“So, Antifa, BLM and the rest of you bitches, see you at 8:05 p.m. on Elm Street?” Passmore wrote, referencing a tactical approach of opposing fascists and white supremacists that President Trump is threatening to designate as a terrorist organization, and Black Lives Matter.
Mayor Vaughan told TCB that after learning that Passmore and his associates had violated the curfew, she spoke to a police representative about them carrying weapons.
“They are really scary people,” Vaughan said. “Whether they come to incite or cause violence themselves, there’s not much of a distinction.”
But she said she wasn’t sure they could legally be charged based on the circumstances.
“I think while Passmore emails [sic], ‘I’m going to be here, I’m going to be there, I’ll be down at the march,’… he doesn’t show up,” Vaughan said. “He’s not a marcher. He goes around and takes pictures of himself, but he’s not making himself known while he posts on Facebook where he is. He’s still kind of in hiding.”
Glenn said on Wednesday that the department is considering whether to charge Passmore.
“Basically, at this point in time, he may or may not be charged,” Glenn said. “They’re still looking into some of the incidents that were reported. He has not been charged, but that’s not to say he won’t be charged. I don’t know what the specific charges may be.”
On Wednesday, the Statesville Police Department charged James Holden Jr., a 37-year-old white man, with Going Armed to the Terror of the People. The city said in a press release that Holden “was seen carrying an AR-15 and a handgun on his side while subjects were peacefully protesting the death of Mr. George Floyd in the downtown area” on Sunday.
On Monday, peaceful protesters in Statesville complained that Holden was once again “driving by their location on multiple occasions making them feel intimidated.” The Statesville police investigator obtained a criminal warrant for Holden on Tuesday, and on Wednesday he turned himself in at the police department. A magistrate issued Holden a $15,000 unsecured bond.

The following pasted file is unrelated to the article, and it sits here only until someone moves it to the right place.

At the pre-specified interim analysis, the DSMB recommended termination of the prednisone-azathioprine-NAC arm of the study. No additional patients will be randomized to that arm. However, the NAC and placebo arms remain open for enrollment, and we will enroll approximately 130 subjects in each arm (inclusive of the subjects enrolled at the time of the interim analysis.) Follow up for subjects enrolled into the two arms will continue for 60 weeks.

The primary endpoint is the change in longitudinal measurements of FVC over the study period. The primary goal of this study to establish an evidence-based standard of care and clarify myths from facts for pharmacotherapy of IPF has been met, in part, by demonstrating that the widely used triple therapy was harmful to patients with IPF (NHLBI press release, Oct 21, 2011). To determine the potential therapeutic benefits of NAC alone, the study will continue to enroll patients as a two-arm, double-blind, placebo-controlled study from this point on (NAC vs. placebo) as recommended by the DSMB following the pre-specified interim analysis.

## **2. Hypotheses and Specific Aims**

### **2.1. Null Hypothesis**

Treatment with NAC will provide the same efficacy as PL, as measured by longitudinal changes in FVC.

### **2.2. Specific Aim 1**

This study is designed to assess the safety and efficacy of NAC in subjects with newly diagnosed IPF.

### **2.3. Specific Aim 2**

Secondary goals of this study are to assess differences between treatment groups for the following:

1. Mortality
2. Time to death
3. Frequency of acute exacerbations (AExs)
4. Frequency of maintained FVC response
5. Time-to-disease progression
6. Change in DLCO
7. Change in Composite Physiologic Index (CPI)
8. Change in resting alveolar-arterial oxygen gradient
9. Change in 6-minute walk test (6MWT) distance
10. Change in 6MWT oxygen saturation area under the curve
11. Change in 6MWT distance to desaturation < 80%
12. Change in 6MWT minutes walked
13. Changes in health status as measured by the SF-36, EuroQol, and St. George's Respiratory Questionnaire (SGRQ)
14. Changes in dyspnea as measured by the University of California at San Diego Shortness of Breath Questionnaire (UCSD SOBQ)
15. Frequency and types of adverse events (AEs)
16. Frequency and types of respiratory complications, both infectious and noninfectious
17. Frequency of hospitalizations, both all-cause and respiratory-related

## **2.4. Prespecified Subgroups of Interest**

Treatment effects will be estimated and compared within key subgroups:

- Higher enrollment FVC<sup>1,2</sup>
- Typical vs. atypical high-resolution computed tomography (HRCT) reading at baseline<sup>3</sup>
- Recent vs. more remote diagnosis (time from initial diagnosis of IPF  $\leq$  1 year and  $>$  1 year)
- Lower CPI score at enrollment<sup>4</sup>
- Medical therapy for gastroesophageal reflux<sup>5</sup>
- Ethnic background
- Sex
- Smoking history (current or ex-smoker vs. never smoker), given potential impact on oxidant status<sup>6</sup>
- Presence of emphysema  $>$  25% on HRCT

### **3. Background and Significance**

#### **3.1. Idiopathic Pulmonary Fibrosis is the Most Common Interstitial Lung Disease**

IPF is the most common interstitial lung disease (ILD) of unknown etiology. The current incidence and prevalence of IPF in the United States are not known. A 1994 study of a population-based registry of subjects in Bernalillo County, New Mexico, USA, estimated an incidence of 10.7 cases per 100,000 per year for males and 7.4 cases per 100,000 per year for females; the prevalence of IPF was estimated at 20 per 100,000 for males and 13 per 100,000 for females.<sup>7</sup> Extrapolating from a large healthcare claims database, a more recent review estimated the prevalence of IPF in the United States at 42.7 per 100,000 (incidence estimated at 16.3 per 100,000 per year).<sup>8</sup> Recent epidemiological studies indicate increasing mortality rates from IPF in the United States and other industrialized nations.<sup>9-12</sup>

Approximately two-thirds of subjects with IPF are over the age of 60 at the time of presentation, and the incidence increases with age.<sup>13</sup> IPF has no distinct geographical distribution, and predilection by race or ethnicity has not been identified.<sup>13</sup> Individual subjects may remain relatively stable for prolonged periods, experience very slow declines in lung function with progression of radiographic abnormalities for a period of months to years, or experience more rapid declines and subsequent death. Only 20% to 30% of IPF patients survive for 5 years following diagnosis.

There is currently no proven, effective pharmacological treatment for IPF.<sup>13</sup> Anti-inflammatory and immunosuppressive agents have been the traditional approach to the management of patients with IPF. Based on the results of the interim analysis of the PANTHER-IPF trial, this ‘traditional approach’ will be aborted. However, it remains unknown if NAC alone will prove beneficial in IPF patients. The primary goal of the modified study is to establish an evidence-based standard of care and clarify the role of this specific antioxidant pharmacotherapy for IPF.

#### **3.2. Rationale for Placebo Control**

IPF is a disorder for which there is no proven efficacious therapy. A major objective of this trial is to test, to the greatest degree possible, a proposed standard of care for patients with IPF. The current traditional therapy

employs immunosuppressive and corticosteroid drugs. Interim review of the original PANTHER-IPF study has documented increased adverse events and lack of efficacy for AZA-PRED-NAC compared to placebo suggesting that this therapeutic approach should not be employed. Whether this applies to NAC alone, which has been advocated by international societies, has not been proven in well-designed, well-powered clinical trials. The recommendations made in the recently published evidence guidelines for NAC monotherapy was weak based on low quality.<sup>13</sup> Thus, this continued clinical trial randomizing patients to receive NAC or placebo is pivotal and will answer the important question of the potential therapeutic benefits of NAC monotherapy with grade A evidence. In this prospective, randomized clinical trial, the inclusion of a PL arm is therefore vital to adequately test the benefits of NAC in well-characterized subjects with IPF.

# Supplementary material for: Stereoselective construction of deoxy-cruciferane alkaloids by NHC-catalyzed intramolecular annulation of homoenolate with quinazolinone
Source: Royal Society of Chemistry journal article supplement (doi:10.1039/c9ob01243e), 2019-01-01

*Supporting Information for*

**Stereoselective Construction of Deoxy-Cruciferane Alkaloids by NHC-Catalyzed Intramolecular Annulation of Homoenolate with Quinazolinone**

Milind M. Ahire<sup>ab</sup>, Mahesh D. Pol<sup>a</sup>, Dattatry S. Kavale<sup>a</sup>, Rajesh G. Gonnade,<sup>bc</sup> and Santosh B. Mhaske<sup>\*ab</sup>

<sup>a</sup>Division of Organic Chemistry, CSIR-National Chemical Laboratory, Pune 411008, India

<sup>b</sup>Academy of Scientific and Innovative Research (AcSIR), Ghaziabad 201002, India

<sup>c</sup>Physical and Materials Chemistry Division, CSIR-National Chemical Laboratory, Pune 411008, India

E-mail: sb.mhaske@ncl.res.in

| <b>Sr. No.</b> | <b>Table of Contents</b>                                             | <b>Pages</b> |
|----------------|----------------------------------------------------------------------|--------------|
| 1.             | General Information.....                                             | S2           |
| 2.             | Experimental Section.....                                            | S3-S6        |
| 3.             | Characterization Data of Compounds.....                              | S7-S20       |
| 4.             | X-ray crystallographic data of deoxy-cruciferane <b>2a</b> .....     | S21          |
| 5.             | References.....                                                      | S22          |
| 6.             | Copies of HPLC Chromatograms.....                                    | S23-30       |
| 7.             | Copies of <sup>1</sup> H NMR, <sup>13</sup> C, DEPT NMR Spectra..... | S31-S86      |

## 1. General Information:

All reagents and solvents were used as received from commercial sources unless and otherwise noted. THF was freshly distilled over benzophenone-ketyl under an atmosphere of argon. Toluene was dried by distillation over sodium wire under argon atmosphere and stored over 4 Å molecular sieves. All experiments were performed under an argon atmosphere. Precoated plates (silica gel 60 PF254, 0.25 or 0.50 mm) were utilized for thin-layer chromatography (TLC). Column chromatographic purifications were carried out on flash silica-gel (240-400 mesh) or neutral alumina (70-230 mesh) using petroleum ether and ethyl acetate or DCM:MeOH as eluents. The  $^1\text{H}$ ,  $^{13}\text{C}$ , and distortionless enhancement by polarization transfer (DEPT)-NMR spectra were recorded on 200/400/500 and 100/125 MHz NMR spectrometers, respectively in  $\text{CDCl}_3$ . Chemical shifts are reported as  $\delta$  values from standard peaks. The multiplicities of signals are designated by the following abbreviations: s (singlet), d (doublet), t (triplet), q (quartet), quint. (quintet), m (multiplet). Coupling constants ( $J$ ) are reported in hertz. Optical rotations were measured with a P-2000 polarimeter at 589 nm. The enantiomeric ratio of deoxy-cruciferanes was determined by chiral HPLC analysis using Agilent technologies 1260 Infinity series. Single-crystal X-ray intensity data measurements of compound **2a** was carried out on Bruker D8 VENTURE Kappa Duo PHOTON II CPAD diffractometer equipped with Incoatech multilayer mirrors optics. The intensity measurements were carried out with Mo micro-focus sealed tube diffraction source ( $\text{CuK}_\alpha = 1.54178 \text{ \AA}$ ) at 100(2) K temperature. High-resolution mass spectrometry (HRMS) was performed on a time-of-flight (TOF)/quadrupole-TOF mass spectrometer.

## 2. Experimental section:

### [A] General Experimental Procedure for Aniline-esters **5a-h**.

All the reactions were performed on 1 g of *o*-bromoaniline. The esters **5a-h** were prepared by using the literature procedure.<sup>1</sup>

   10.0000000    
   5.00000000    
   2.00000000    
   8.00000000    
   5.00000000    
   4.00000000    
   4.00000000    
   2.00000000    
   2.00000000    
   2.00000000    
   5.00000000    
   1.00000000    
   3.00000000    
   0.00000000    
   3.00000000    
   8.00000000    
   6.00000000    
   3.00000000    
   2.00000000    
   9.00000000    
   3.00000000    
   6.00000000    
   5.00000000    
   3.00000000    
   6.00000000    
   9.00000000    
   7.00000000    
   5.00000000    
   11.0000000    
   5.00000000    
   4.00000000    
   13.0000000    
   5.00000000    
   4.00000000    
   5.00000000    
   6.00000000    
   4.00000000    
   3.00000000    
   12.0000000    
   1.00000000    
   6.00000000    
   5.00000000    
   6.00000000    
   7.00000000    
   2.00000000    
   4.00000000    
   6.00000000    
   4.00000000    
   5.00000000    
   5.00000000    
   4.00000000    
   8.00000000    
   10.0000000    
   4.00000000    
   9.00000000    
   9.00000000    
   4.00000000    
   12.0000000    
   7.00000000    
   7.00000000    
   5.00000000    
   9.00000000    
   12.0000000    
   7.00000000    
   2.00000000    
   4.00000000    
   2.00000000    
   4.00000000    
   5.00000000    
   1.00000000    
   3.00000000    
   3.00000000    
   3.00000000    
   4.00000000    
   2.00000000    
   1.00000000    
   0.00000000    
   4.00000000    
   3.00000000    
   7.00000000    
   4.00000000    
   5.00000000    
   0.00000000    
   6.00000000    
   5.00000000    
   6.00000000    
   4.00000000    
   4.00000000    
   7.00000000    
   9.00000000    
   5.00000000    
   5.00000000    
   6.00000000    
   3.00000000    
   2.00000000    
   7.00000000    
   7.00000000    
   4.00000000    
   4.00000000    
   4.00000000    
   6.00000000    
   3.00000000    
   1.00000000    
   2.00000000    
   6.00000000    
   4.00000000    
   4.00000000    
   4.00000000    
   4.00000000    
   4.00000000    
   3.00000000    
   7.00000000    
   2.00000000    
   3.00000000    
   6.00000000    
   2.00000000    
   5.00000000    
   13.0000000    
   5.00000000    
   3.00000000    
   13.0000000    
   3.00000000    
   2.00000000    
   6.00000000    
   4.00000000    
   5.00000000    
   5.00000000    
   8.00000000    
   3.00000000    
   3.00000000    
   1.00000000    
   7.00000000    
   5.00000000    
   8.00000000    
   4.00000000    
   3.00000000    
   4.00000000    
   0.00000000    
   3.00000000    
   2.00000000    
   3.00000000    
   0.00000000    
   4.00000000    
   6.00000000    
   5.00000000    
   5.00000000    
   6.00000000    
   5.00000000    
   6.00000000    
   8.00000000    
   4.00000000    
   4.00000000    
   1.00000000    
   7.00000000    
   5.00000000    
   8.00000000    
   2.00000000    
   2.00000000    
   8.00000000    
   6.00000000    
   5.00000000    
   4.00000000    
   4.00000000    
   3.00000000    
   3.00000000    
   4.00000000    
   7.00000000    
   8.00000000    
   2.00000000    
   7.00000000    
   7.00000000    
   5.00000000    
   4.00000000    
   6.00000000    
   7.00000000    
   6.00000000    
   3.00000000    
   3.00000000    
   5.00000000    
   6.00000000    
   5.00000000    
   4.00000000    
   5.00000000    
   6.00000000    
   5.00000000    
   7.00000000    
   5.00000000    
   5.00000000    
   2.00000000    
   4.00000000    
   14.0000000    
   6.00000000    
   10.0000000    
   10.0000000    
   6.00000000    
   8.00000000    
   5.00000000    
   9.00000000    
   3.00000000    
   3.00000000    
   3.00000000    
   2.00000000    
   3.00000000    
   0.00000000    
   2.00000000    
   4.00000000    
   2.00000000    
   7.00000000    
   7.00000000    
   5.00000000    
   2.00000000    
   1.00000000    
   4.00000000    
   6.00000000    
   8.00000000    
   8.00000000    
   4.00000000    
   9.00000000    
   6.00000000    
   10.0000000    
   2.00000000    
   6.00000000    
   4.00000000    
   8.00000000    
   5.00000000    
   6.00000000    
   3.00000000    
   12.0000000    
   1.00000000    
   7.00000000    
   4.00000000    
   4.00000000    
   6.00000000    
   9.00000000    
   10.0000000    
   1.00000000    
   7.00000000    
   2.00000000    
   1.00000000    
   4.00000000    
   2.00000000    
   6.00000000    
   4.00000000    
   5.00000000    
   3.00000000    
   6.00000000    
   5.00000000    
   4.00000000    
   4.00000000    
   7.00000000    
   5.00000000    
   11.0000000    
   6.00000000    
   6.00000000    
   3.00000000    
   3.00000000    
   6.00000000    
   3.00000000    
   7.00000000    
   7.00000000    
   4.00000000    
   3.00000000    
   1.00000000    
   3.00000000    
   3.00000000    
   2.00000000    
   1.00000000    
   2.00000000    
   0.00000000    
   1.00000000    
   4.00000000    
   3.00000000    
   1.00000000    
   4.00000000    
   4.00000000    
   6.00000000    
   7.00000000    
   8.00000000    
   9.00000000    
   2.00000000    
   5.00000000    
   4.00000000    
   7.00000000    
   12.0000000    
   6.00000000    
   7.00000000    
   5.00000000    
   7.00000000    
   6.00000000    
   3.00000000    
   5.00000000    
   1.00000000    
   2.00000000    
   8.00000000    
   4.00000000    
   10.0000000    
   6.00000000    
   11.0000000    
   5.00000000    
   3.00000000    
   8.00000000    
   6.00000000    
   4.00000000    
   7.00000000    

In a 2012 blog post, Jessica Smith, a professor of public law and government at UNC School of Government, outlined the elements of a Going Armed to the Terror of the People charge: “A person guilty of this offense (1) arms himself or herself with an unusual and dangerous weapon; (2) for the purpose of terrifying others and (3) goes about on public highways, (4) in a manner to cause terror to the people.”
Passmore has demonstrated an unsettling preoccupation with Greensboro.
On Oct. 17, 2019, about two weeks before the 40th anniversary of the Greensboro Massacre, Passmore messaged TCB on Facebook with an attachment of black and white photo from the News & Record archives. It shows a pickup truck that was parked on East Market Street during a funeral march for the slain activists. A hand-painted sign erected in the back of the truck reads: “Greensboro people don’t want you communist bastards in our town.”
The word “communist” has a significance that goes beyond political ideology, said Howard Graves of the Southern Poverty Law Center.
“That’s pretty alarming when you consider the way those in far-right communities use the phrase ‘communist,’” he said. “It’s a stalking horse for basically any group that’s deemed to be a political adversary. They will talk about Black Lives Matter in the same way. White supremacists consider Black Lives Matter to be part of a communist plot.
“Within the specific context of the Greensboro Massacre,” he continued, “for all the progress made thanks to the people in the civil rights movement — including those who were victims of the massacre — it shows that a lot of themes that drove that massacre are still resonant.”